A Stepping Stone

On average, we spend 40 hours per week at work. The location of our work depends on the type of work we do. It supports our job functions and often reflects our personalities.

Beginning in June 2004 — just one month after I graduated from college and one month before I made my first rent payment — the location of my work was an old faculty building at the northwest end of a state university campus. My office was on the third floor of the six story building and had windows overlooking the bus station and the library. My desk was located in the same area as a conference table that tilted if you rested too much weight on its surface and two intern desks with smudged computer screens. Dusty lamps and fans were stored in the corner alongside stacks of university publications. A dry erase board hung from the wall, unused. The temperature outside had no relation to the temperature inside. In the winter, it was too warm, and in the summer, it was too cold. In both situations, I had to leave the window cracked just slightly. The overhead fluorescent lights were unflattering to both the graphics on my computer screen and the freckles on my skin. Despite the less-than-inspiring atmosphere, I had the tools I needed to support my job functions: dual computer monitors, an external hard drive and a scanner, a stash of CDs and DVDs, digital voice recorders and cameras, a tripod and lighting equipment, extra microphones, and a portable podcasting studio. I had a pile of notepads with scribbles from meetings and interviews and online tutorials. A row of photographs from my semester in Europe lined my bulletin board, along with a note from my Grandmother, and a phone list. My padded swivel desk chair was rejected by my colleague, but graciously accepted by me. Sometimes the space felt comfortable and cozy, especially when I set Yahoo radio to “cool as folk” and dove into a web project. During my three and a half years in the office, I led the redesign of two major websites. When immersed in those projects, minutes easily turned into hours. However, there were also many many days when the minute hand moved like cold molasses. Those days seemed even less bearable when both of my only two colleagues were out of the office. Unless I made an effort to interrupt the folks down the hall — and because I live alone — it was possible to go an entire day without opening my mouth. Which brings me back to my point about work reflecting one’s personality. This was not a perfect match.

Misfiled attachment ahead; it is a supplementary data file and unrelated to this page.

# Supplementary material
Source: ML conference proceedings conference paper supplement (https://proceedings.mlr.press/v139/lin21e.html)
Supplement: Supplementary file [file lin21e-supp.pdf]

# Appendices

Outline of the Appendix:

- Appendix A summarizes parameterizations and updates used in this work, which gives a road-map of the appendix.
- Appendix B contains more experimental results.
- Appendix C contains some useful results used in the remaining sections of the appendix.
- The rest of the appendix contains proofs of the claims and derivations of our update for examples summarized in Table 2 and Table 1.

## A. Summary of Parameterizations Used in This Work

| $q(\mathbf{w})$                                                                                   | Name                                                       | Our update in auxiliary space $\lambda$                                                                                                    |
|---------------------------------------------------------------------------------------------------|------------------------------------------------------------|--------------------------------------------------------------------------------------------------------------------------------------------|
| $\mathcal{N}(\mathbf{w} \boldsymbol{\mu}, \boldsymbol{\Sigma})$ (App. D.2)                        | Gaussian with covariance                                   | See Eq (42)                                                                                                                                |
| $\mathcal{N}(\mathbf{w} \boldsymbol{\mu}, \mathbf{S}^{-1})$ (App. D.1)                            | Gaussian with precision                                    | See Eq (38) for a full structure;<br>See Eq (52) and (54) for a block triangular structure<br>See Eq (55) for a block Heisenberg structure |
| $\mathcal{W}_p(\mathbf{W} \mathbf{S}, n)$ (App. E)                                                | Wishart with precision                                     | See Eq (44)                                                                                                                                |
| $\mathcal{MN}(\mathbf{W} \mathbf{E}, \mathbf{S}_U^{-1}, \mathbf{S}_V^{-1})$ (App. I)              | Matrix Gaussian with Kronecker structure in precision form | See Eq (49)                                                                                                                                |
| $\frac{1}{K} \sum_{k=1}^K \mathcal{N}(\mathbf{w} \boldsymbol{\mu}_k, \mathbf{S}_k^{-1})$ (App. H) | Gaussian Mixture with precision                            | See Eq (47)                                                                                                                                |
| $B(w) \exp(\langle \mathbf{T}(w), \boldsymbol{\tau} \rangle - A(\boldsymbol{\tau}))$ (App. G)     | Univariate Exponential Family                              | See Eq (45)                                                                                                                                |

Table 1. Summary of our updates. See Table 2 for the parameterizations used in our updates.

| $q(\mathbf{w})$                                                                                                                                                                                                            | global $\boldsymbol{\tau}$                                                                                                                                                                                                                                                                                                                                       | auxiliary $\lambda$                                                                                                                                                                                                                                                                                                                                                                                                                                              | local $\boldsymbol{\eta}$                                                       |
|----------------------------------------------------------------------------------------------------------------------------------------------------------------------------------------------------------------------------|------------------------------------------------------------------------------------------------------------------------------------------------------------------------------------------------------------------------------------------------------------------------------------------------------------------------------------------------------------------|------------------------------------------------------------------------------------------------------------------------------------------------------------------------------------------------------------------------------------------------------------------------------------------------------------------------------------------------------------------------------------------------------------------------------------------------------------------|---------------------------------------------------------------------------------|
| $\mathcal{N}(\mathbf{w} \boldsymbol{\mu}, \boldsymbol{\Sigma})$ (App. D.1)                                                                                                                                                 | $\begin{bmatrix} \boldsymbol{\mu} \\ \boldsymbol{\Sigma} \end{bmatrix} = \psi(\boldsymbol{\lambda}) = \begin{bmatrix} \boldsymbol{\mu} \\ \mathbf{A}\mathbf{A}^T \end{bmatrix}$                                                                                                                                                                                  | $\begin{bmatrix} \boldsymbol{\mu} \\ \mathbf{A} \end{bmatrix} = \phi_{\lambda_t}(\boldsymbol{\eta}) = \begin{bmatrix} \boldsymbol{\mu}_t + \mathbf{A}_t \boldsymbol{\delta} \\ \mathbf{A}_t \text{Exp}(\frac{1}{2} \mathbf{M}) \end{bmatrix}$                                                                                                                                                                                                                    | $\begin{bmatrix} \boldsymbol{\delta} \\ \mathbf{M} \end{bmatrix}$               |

However, it was an ideal stepping stone between college and career. Upon graduation, I had little direction. Would I be a writer? Or a public relations professional? Or would I return to school and become a teacher? If I hadn’t accepted the offer in 2004, I would not have developed an interest in technology and media. I would not be familiar with PhotoShop and JavaScript and sites like CSS Zen Garden and A List Apart. I would not appreciate clean code and style sheets, heck, I wouldn’t even know how to view web code. I would not have attended and participated in meetings with university administrators. I would not have interviewed scientists about global warming and hydrogen energy. I would not have traveled to conferences in Chicago and Seattle.

I matured in many ways during the the past few years. I polished obvious skills like organization and communication. But, more importantly, I learned to be confident in my ideas and opinions and to interact with diverse personalities. And those assets are applicable far beyond the workplace.

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